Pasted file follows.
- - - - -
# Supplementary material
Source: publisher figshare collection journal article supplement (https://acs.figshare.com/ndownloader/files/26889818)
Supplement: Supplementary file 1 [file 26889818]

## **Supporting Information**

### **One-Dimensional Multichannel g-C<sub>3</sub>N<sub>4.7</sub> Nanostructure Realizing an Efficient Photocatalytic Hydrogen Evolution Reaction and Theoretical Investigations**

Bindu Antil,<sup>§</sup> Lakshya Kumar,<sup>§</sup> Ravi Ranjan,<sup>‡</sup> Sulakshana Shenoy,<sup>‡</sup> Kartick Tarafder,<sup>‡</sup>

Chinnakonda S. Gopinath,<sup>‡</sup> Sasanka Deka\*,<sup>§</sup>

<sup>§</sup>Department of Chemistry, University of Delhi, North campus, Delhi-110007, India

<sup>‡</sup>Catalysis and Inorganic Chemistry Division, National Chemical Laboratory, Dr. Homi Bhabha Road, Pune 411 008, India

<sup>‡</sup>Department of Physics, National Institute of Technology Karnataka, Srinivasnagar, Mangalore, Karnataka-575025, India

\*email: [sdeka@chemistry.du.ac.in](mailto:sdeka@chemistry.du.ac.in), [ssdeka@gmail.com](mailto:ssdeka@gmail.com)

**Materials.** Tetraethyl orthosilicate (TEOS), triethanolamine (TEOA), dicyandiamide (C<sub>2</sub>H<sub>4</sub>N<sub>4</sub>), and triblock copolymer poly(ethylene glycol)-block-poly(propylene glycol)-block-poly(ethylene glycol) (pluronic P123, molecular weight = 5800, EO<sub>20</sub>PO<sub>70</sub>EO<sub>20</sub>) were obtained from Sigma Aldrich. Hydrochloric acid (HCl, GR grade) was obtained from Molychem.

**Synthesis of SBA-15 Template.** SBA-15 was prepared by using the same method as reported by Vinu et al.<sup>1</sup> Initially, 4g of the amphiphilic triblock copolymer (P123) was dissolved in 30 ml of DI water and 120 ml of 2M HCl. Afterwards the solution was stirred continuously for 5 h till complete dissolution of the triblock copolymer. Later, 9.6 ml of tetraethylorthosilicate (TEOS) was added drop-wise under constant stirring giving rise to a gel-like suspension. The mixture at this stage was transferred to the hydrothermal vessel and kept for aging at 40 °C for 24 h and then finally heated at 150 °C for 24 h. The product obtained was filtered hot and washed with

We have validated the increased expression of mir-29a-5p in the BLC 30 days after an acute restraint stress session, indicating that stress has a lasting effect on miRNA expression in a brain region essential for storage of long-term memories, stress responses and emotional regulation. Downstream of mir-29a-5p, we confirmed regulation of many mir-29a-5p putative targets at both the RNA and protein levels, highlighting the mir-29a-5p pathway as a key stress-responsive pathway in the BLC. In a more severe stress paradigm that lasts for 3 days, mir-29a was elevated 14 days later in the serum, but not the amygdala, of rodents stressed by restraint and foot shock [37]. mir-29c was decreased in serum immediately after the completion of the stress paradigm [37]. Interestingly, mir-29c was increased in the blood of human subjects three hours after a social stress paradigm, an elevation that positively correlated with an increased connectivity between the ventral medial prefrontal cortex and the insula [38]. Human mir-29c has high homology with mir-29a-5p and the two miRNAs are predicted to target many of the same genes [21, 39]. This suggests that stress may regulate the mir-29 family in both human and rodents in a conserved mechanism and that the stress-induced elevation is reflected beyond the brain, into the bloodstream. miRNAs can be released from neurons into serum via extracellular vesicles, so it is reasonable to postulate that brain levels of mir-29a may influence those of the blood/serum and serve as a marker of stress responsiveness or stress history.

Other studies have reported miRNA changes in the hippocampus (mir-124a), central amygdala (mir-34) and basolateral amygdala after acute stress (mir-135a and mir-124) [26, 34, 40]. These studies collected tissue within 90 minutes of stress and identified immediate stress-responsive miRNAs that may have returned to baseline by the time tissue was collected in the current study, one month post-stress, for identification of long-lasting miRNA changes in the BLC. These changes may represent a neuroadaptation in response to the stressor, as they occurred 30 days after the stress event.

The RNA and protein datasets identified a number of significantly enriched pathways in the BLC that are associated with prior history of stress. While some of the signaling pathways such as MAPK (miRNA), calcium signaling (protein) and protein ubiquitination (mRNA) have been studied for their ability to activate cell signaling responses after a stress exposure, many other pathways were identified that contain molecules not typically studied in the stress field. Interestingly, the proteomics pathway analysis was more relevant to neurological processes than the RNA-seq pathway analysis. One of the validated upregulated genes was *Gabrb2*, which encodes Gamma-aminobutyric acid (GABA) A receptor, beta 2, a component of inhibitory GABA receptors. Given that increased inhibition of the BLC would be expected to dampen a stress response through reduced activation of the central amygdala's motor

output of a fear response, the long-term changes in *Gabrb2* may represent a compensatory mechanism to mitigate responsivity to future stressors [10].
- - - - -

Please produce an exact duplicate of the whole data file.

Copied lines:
# Supplementary material
Source: publisher figshare collection journal article supplement (https://acs.figshare.com/ndownloader/files/26889818)
Supplement: Supplementary file 1 [file 26889818]

## **Supporting Information**

### **One-Dimensional Multichannel g-C<sub>3</sub>N<sub>4.7</sub> Nanostructure Realizing an Efficient Photocatalytic Hydrogen Evolution Reaction and Theoretical Investigations**

Bindu Antil,<sup>§</sup> Lakshya Kumar,<sup>§</sup> Ravi Ranjan,<sup>‡</sup> Sulakshana Shenoy,<sup>‡</sup> Kartick Tarafder,<sup>‡</sup>

Chinnakonda S. Gopinath,<sup>‡</sup> Sasanka Deka\*,<sup>§</sup>

<sup>§</sup>Department of Chemistry, University of Delhi, North campus, Delhi-110007, India

<sup>‡</sup>Catalysis and Inorganic Chemistry Division, National Chemical Laboratory, Dr. Homi Bhabha Road, Pune 411 008, India

<sup>‡</sup>Department of Physics, National Institute of Technology Karnataka, Srinivasnagar, Mangalore, Karnataka-575025, India

\*email: [sdeka@chemistry.du.ac.in](mailto:sdeka@chemistry.du.ac.in), [ssdeka@gmail.com](mailto:ssdeka@gmail.com)

**Materials.** Tetraethyl orthosilicate (TEOS), triethanolamine (TEOA), dicyandiamide (C<sub>2</sub>H<sub>4</sub>N<sub>4</sub>), and triblock copolymer poly(ethylene glycol)-block-poly(propylene glycol)-block-poly(ethylene glycol) (pluronic P123, molecular weight = 5800, EO<sub>20</sub>PO<sub>70</sub>EO<sub>20</sub>) were obtained from Sigma Aldrich. Hydrochloric acid (HCl, GR grade) was obtained from Molychem.

**Synthesis of SBA-15 Template.** SBA-15 was prepared by using the same method as reported by Vinu et al.<sup>1</sup> Initially, 4g of the amphiphilic triblock copolymer (P123) was dissolved in 30 ml of DI water and 120 ml of 2M HCl. Afterwards the solution was stirred continuously for 5 h till complete dissolution of the triblock copolymer. Later, 9.6 ml of tetraethylorthosilicate (TEOS) was added drop-wise under constant stirring giving rise to a gel-like suspension. The mixture at this stage was transferred to the hydrothermal vessel and kept for aging at 40 °C for 24 h and then finally heated at 150 °C for 24 h. The product obtained was filtered hot and washed with

We have validated the increased expression of mir-29a-5p in the BLC 30 days after an acute restraint stress session, indicating that stress has a lasting effect on miRNA expression in a brain region essential for storage of long-term memories, stress responses and emotional regulation. Downstream of mir-29a-5p, we confirmed regulation of many mir-29a-5p putative targets at both the RNA and protein levels, highlighting the mir-29a-5p pathway as a key stress-responsive pathway in the BLC. In a more severe stress paradigm that lasts for 3 days, mir-29a was elevated 14 days later in the serum, but not the amygdala, of rodents stressed by restraint and foot shock [37]. mir-29c was decreased in serum immediately after the completion of the stress paradigm [37]. Interestingly, mir-29c was increased in the blood of human subjects three hours after a social stress paradigm, an elevation that positively correlated with an increased connectivity between the ventral medial prefrontal cortex and the insula [38]. Human mir-29c has high homology with mir-29a-5p and the two miRNAs are predicted to target many of the same genes [21, 39]. This suggests that stress may regulate the mir-29 family in both human and rodents in a conserved mechanism and that the stress-induced elevation is reflected beyond the brain, into the bloodstream. miRNAs can be released from neurons into serum via extracellular vesicles, so it is reasonable to postulate that brain levels of mir-29a may influence those of the blood/serum and serve as a marker of stress responsiveness or stress history.

Other studies have reported miRNA changes in the hippocampus (mir-124a), central amygdala (mir-34) and basolateral amygdala after acute stress (mir-135a and mir-124) [26, 34, 40]. These studies collected tissue within 90 minutes of stress and identified immediate stress-responsive miRNAs that may have returned to baseline by the time tissue was collected in the current study, one month post-stress, for identification of long-lasting miRNA changes in the BLC. These changes may represent a neuroadaptation in response to the stressor, as they occurred 30 days after the stress event.

The RNA and protein datasets identified a number of significantly enriched pathways in the BLC that are associated with prior history of stress. While some of the signaling pathways such as MAPK (miRNA), calcium signaling (protein) and protein ubiquitination (mRNA) have been studied for their ability to activate cell signaling responses after a stress exposure, many other pathways were identified that contain molecules not typically studied in the stress field. Interestingly, the proteomics pathway analysis was more relevant to neurological processes than the RNA-seq pathway analysis. One of the validated upregulated genes was *Gabrb2*, which encodes Gamma-aminobutyric acid (GABA) A receptor, beta 2, a component of inhibitory GABA receptors. Given that increased inhibition of the BLC would be expected to dampen a stress response through reduced activation of the central amygdala's motor

output of a fear response, the long-term changes in *Gabrb2* may represent a compensatory mechanism to mitigate responsivity to future stressors [10].